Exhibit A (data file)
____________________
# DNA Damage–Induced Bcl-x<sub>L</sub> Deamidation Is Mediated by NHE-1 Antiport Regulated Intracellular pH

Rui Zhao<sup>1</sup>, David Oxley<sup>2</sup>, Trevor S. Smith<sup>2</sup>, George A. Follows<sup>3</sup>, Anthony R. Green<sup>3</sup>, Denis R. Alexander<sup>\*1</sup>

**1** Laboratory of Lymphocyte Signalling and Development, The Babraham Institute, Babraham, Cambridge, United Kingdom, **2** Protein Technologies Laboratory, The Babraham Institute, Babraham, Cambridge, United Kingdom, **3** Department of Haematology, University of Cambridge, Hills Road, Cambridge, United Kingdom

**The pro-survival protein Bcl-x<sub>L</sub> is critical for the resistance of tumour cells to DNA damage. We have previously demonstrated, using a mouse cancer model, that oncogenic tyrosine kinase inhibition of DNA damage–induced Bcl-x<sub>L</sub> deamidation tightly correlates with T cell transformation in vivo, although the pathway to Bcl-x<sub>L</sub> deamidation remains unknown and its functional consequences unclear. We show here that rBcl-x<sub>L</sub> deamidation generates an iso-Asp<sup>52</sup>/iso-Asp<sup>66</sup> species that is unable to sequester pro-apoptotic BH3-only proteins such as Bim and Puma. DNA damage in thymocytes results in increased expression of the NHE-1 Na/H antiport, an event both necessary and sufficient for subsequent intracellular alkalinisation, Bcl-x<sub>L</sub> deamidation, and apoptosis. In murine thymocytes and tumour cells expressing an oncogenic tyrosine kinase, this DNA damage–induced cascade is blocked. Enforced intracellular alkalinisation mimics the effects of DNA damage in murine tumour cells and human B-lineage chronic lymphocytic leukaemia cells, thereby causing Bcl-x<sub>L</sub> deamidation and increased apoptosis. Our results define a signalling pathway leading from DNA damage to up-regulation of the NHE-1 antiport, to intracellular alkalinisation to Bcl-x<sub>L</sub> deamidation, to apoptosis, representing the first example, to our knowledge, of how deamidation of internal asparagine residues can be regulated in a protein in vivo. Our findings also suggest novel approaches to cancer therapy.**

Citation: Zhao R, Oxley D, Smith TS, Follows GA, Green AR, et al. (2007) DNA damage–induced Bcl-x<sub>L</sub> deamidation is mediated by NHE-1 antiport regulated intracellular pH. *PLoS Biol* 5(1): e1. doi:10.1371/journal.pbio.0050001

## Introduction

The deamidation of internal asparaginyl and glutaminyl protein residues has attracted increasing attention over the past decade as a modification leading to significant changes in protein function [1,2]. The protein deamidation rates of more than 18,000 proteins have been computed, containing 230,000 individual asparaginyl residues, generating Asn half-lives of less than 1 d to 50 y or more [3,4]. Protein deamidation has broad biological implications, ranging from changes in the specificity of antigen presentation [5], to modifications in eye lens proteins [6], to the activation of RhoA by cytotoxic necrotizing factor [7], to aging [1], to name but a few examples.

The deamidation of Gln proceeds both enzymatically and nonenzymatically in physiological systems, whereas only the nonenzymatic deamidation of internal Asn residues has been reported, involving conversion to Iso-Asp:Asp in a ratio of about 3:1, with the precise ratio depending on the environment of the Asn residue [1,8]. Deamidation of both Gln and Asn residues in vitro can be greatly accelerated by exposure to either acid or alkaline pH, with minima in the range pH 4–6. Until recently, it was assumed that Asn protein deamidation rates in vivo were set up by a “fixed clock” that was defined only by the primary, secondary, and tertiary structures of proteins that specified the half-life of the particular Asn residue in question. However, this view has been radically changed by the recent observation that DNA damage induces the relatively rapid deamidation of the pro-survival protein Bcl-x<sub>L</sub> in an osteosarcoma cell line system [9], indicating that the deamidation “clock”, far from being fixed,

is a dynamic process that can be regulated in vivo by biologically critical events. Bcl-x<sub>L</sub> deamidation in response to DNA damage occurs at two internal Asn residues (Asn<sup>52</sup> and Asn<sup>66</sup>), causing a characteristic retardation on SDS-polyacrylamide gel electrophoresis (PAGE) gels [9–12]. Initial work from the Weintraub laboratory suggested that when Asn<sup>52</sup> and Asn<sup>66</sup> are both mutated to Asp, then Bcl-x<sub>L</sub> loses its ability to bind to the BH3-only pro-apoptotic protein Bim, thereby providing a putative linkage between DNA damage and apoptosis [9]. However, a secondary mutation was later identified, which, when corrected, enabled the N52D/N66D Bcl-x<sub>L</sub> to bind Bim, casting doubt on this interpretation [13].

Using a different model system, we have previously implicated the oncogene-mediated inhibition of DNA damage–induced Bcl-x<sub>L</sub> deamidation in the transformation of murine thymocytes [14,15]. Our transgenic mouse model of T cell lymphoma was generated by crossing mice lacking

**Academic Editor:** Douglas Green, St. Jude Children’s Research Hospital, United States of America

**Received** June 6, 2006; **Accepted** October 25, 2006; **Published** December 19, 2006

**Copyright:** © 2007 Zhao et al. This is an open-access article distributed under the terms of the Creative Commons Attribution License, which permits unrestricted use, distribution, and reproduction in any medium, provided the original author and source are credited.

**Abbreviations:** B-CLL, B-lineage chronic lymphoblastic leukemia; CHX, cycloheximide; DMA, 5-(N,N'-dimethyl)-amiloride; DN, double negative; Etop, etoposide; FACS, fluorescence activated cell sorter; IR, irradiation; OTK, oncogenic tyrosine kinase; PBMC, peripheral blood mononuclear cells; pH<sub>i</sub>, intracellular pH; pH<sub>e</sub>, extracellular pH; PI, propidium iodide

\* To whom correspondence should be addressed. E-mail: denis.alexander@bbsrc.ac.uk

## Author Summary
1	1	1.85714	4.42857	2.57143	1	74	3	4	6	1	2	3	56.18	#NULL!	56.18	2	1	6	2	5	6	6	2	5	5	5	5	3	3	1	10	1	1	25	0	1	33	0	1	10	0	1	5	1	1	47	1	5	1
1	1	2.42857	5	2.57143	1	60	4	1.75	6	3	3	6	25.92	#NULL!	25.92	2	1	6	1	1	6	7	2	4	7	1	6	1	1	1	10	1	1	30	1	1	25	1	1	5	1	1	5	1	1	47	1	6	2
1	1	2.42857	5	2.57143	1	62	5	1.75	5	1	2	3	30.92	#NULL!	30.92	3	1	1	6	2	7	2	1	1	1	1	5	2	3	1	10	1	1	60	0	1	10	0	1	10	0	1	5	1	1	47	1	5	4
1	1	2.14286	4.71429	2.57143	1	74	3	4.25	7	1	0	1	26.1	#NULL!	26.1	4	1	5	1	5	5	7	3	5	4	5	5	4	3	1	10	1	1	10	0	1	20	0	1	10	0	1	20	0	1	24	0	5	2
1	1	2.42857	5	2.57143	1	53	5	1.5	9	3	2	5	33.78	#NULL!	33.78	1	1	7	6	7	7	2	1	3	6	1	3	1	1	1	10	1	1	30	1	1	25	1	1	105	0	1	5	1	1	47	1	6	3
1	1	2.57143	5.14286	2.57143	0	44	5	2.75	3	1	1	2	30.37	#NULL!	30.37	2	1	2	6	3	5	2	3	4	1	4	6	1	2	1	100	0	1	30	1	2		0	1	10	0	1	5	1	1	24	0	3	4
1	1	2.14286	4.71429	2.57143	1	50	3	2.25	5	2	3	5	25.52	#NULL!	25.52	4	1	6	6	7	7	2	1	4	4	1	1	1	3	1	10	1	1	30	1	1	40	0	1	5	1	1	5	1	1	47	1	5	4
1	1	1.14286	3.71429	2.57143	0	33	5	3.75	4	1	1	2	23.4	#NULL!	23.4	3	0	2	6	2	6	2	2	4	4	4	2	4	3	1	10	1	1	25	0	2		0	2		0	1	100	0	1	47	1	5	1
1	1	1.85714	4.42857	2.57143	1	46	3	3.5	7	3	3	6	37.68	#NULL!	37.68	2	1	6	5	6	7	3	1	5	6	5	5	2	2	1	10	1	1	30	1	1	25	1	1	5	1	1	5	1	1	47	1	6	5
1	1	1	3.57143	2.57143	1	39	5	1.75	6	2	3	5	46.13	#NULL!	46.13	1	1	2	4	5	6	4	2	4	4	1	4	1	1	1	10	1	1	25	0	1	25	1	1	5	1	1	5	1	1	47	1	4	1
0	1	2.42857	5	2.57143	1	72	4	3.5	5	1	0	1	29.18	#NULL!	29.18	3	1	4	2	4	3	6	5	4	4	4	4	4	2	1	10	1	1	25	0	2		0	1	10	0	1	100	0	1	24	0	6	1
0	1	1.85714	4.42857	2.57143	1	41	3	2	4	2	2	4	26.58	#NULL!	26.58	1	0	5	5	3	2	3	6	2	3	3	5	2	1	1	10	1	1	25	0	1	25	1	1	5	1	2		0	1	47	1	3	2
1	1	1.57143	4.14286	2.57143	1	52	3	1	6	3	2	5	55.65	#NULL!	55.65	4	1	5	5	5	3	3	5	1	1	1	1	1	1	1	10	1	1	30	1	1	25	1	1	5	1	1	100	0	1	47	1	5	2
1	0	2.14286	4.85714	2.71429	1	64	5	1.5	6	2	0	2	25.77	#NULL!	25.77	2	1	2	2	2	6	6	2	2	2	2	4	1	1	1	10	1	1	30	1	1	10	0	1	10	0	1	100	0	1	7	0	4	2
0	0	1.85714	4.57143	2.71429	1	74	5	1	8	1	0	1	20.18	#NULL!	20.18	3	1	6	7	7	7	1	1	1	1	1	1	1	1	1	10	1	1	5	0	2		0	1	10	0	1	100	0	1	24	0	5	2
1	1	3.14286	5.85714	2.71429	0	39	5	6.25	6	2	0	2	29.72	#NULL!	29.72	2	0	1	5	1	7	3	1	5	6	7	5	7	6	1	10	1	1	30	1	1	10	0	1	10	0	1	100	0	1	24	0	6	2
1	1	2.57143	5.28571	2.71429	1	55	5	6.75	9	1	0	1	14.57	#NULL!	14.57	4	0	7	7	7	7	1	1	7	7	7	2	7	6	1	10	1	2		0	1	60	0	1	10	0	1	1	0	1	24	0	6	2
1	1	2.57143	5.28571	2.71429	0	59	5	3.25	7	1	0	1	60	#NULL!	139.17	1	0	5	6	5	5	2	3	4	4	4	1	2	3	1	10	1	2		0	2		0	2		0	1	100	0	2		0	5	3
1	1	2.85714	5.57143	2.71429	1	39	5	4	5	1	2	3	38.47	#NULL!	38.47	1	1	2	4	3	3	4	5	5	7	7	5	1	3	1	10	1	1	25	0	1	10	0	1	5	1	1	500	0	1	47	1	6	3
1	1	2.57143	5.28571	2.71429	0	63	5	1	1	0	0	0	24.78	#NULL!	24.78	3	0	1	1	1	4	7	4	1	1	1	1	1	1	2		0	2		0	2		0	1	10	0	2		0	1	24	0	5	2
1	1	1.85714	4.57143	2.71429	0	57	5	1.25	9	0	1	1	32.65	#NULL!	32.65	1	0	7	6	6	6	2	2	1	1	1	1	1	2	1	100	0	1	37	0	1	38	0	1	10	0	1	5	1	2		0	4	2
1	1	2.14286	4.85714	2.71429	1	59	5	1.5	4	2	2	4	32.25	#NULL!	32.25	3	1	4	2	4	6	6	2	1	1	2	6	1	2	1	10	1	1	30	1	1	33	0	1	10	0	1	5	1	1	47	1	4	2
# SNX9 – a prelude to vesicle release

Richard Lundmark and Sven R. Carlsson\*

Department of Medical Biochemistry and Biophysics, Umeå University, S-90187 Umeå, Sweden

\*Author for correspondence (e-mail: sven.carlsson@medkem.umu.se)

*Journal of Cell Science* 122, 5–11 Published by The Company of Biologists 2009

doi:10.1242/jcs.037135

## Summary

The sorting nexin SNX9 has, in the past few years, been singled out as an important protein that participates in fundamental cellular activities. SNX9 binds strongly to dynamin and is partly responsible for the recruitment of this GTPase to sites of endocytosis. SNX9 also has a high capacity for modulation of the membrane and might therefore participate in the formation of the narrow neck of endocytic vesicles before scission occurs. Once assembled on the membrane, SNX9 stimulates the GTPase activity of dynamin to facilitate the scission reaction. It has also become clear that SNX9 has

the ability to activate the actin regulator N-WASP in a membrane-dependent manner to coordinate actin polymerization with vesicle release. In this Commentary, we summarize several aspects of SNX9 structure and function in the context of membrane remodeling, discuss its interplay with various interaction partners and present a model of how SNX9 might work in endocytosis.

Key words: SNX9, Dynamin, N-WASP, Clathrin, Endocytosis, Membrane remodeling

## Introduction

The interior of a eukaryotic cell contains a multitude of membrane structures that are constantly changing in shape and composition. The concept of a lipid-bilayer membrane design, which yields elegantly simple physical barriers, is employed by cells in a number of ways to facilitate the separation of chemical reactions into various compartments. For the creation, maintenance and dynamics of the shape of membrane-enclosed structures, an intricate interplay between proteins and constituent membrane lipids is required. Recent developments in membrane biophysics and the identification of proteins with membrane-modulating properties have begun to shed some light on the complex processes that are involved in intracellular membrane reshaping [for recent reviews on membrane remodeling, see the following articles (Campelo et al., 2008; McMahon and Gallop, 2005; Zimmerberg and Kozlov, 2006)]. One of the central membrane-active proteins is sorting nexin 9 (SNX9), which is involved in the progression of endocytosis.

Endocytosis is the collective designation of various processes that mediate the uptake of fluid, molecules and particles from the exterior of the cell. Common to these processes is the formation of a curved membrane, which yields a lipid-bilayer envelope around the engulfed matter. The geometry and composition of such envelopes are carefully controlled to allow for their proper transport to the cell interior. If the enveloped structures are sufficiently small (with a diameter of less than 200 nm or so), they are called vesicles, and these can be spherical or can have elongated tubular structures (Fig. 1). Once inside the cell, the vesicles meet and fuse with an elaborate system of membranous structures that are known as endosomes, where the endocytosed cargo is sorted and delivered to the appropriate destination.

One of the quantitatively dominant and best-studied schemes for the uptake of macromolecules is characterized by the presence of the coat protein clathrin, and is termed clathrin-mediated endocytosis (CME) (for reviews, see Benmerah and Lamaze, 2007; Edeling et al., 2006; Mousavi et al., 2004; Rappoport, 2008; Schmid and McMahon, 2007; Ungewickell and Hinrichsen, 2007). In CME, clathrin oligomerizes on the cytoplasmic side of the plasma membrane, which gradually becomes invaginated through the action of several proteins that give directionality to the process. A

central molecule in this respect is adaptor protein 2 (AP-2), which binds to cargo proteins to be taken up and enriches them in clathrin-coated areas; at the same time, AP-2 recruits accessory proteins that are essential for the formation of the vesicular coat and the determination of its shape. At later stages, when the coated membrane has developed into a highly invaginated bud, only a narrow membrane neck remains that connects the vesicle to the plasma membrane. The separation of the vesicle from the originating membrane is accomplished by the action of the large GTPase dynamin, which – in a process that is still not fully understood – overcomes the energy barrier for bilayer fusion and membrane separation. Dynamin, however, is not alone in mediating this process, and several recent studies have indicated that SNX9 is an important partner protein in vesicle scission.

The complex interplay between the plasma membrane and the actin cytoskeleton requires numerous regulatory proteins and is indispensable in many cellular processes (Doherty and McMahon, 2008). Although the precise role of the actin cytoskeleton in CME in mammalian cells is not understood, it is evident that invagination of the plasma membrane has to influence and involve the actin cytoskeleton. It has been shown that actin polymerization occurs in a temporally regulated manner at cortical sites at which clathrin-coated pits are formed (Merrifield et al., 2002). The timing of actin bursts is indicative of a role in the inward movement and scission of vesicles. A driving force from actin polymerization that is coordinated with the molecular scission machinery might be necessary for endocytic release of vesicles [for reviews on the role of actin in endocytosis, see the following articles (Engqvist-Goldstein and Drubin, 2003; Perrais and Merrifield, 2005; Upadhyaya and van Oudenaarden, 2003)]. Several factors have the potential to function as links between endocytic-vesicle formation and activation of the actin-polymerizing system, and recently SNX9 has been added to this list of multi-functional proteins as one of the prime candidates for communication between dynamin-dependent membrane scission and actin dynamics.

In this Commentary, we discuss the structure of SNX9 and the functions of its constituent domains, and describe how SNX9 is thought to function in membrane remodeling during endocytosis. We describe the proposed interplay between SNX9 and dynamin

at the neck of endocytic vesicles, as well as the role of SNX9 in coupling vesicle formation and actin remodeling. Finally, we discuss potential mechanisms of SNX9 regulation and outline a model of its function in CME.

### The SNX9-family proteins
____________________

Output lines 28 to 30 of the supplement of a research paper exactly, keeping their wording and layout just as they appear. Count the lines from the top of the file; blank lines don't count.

0	1	1.85714	4.42857	2.57143	1	41	3	2	4	2	2	4	26.58	#NULL!	26.58	1	0	5	5	3	2	3	6	2	3	3	5	2	1	1	10	1	1	25	0	1	25	1	1	5	1	2		0	1	47	1	3	2
1	1	1.57143	4.14286	2.57143	1	52	3	1	6	3	2	5	55.65	#NULL!	55.65	4	1	5	5	5	3	3	5	1	1	1	1	1	1	1	10	1	1	30	1	1	25	1	1	5	1	1	100	0	1	47	1	5	2
1	0	2.14286	4.85714	2.71429	1	64	5	1.5	6	2	0	2	25.77	#NULL!	25.77	2	1	2	2	2	6	6	2	2	2	2	4	1	1	1	10	1	1	30	1	1	10	0	1	10	0	1	100	0	1	7	0	4	2